The Spercheios River and Maliakos Gulf wider area have been included in many environmental protection networks, which in many cases overlap (Natura 2000, CORINE biotopes, Wildlife Refuges, etc.). Additionally, in the study area, five coastal wetlands have been recorded in the inventory conducted by Greek Biotope/Wetland Centre (EKBY; Zalidis & Mantzavelas 1995), some of which are not protected under national legislation (Skarfia marsh, Almyropotamos estuary and Vromolimni lagoon). Skarfia comprises typical and extensive salt marshes with a remarkable variety of halophyte communities that host large populations of migratory waterbirds that often use this habitat for wintering and nesting. These marshes provide protection against seawater intrusion and coastal erosion. Vromolimni lagoon is also used by migratory waterbirds for wintering, while Almyropotamos estuary is characterized by typical wetland vegetation (Ministry of Environment Energy and Climate Change – MEECC 2013; Figure 1; Table 1). It should be noted that Livari, located close to the mouth of the river and where the land meets the sea, is actually a small embayment with depths up to 5.0 m and consists of a natural sea park for the reproduction of fish and the development of their juveniles (Georghiou 1996). Livari wetland is not expected to be affected by sea level rise.

Table 1

Sites of environmental interest in the study area

a/a Name Code Site Area (km2Comment 
Koilada kai ekvoles Spercheiou-Maliakos Kolpos-Mesochori Spercheiou GR2440002 Natura 2000a 476.8 Official Journal of the Hellenic Republic 4432/Β/2017 
Kato rous kai ekvoles Spercheioy potamou GR2440005 Natura 2000a 109.7 Official Journal of the Hellenic Republic 4432/Β/2017 
Spercheios estuaries A00010047 CORINE biotopeb 32.2 – 
Spercheios estuaries-Anthili-Roditsa K318 Wildlife refuges 11.9 Official Journal of the Hellenic Republic 343/B/1987 
Livari – Prohibition of fishing 7.0 Official Journal of the Hellenic Republic 53/A/1986 
Platanos Aghia Marina of Fthiotida Μ29 Preserved monument of nature – Official Journal of the Hellenic Republic 121/D/1980 
Almyropotamos Estuary 244247000 Wetlandc 0.045 Estuary, Coastal permanently flooded saline-brackish water marsh 
Sperchios Delta 244249000 Wetlandc 30.3 Coastal delta, Coastal permanently flooded saline-brackish water marsh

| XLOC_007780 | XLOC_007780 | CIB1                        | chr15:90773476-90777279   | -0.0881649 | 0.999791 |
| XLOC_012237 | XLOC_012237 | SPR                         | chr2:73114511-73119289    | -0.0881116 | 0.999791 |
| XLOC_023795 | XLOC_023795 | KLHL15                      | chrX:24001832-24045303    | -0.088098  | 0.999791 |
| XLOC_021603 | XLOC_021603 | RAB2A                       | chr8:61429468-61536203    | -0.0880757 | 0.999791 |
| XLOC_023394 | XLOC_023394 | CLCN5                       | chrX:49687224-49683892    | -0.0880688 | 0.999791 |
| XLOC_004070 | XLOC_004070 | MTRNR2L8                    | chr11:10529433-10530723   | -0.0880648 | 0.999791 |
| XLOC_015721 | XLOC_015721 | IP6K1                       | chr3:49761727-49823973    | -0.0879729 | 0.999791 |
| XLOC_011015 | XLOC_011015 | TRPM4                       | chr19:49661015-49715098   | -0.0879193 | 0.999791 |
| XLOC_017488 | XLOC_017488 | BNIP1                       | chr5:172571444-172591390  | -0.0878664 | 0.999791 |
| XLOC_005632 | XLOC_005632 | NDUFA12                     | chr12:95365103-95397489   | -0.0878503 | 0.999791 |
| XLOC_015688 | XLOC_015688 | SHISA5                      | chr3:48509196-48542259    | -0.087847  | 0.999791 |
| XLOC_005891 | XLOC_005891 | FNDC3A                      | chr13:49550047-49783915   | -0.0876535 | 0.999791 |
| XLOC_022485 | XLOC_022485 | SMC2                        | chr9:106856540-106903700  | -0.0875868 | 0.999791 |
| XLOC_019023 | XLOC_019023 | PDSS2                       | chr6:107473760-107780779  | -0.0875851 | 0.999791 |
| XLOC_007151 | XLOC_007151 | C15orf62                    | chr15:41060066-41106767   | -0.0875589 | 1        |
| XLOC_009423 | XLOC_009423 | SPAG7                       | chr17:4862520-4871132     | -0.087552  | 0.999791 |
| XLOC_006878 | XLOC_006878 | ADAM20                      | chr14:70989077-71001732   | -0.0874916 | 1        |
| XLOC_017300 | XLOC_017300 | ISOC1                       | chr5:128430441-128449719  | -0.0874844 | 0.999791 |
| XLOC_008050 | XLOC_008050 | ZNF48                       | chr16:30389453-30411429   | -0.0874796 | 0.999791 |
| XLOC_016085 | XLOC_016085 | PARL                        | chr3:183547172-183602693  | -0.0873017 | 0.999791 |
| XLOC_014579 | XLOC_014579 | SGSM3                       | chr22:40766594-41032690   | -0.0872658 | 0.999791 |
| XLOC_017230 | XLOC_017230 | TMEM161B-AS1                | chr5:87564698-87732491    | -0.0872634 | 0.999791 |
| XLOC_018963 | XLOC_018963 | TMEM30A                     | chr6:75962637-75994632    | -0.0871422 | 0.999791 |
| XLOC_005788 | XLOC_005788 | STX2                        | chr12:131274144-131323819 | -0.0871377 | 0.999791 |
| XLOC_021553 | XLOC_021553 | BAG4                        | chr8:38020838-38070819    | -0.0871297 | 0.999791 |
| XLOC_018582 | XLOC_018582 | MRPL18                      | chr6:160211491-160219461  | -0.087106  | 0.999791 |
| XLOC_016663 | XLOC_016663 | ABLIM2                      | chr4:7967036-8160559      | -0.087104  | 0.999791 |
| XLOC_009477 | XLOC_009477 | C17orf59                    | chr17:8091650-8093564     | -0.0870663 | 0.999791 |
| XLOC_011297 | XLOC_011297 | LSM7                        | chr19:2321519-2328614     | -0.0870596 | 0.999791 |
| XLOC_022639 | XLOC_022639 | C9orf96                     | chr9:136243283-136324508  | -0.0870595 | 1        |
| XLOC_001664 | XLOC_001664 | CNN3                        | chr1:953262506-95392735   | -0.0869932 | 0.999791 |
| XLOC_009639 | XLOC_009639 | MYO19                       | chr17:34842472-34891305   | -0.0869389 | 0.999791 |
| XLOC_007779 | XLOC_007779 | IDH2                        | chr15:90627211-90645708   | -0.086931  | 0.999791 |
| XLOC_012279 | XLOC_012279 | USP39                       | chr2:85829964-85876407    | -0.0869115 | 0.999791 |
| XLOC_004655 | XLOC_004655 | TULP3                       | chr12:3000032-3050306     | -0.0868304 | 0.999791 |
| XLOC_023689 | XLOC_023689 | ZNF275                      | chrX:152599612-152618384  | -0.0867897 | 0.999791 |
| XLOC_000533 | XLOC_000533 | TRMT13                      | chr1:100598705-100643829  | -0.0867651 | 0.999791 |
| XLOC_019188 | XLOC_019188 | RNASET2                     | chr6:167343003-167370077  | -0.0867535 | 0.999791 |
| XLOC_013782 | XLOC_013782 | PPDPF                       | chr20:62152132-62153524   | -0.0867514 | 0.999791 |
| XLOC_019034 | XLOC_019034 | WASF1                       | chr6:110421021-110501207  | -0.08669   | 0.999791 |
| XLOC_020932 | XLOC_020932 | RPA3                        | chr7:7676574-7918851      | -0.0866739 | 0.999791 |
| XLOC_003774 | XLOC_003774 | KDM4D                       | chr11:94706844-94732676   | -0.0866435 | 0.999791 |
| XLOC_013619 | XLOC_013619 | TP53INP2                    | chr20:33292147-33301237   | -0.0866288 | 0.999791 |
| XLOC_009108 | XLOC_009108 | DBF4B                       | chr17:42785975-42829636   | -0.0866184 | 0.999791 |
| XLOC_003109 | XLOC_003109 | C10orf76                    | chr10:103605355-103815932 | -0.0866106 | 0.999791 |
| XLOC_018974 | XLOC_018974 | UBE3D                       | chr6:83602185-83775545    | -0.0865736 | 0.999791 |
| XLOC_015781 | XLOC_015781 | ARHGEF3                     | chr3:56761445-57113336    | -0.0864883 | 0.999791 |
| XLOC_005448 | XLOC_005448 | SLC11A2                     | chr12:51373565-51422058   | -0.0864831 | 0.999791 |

Sperchios Riverd 244253000 Wetlandc – Permanent river 
10 Skarfia Marsh 244250000 Wetlandc 0.9 Coastal permanently flooded saline-brackish water marsh 
11 Vromolimni Lagoon or Asproneri Kammenon Vourlon Lagoon 244251000 Wetlandc 0.045 Lagoon, Coastal permanently flooded saline-brackish water marsh 
a/a Name Code Site Area (km2Comment 
Koilada kai ekvoles Spercheiou-Maliakos Kolpos-Mesochori Spercheiou GR2440002 Natura 2000a 476.8 Official Journal of the Hellenic Republic 4432/Β/2017 
Kato rous kai ekvoles Spercheioy potamou GR2440005 Natura 2000a 109.7 Official Journal of the Hellenic Republic 4432/Β/2017 
Spercheios estuaries A00010047 CORINE biotopeb 32.2 – 
Spercheios estuaries-Anthili-Roditsa K318 Wildlife refuges 11.9 Official Journal of the Hellenic Republic 343/B/1987 
Livari – Prohibition of fishing 7.0 Official Journal of the Hellenic Republic 53/A/1986 
Platanos Aghia Marina of Fthiotida Μ29 Preserved monument of nature – Official Journal of the Hellenic Republic 121/D/1980 
Almyropotamos Estuary 244247000 Wetlandc 0.045 Estuary, Coastal permanently flooded saline-brackish water marsh 
Sperchios Delta 244249000 Wetlandc 30.3 Coastal delta, Coastal permanently flooded saline-brackish water marsh 
Sperchios Riverd 244253000 Wetlandc – Permanent river 
10 Skarfia Marsh 244250000 Wetlandc 0.9 Coastal permanently flooded saline-brackish water marsh 
11 Vromolimni Lagoon or Asproneri Kammenon Vourlon Lagoon 244251000 Wetlandc 0.045 Lagoon, Coastal permanently flooded saline-brackish water marsh 

aNatura 2000 is a network of protected areas covering Europe's most valuable and threatened species and habitats (European Environment Agency 2018).

bCORINE biotopes is an inventory of sites of major importance for nature conservation in the European Community (European Communities 1991).

cBased on Greek Biotope/Wetland Centre (Zalidis & Mantzavelas 1995).

dOnly the downstream section of Spercheios River was taken into consideration in the present study.

Figure 1

Aspect of the Spercheios River and Maliakos Gulf system with sites of environmental interest.

Figure 1

Aspect of the Spercheios River and Maliakos Gulf system with sites of environmental interest.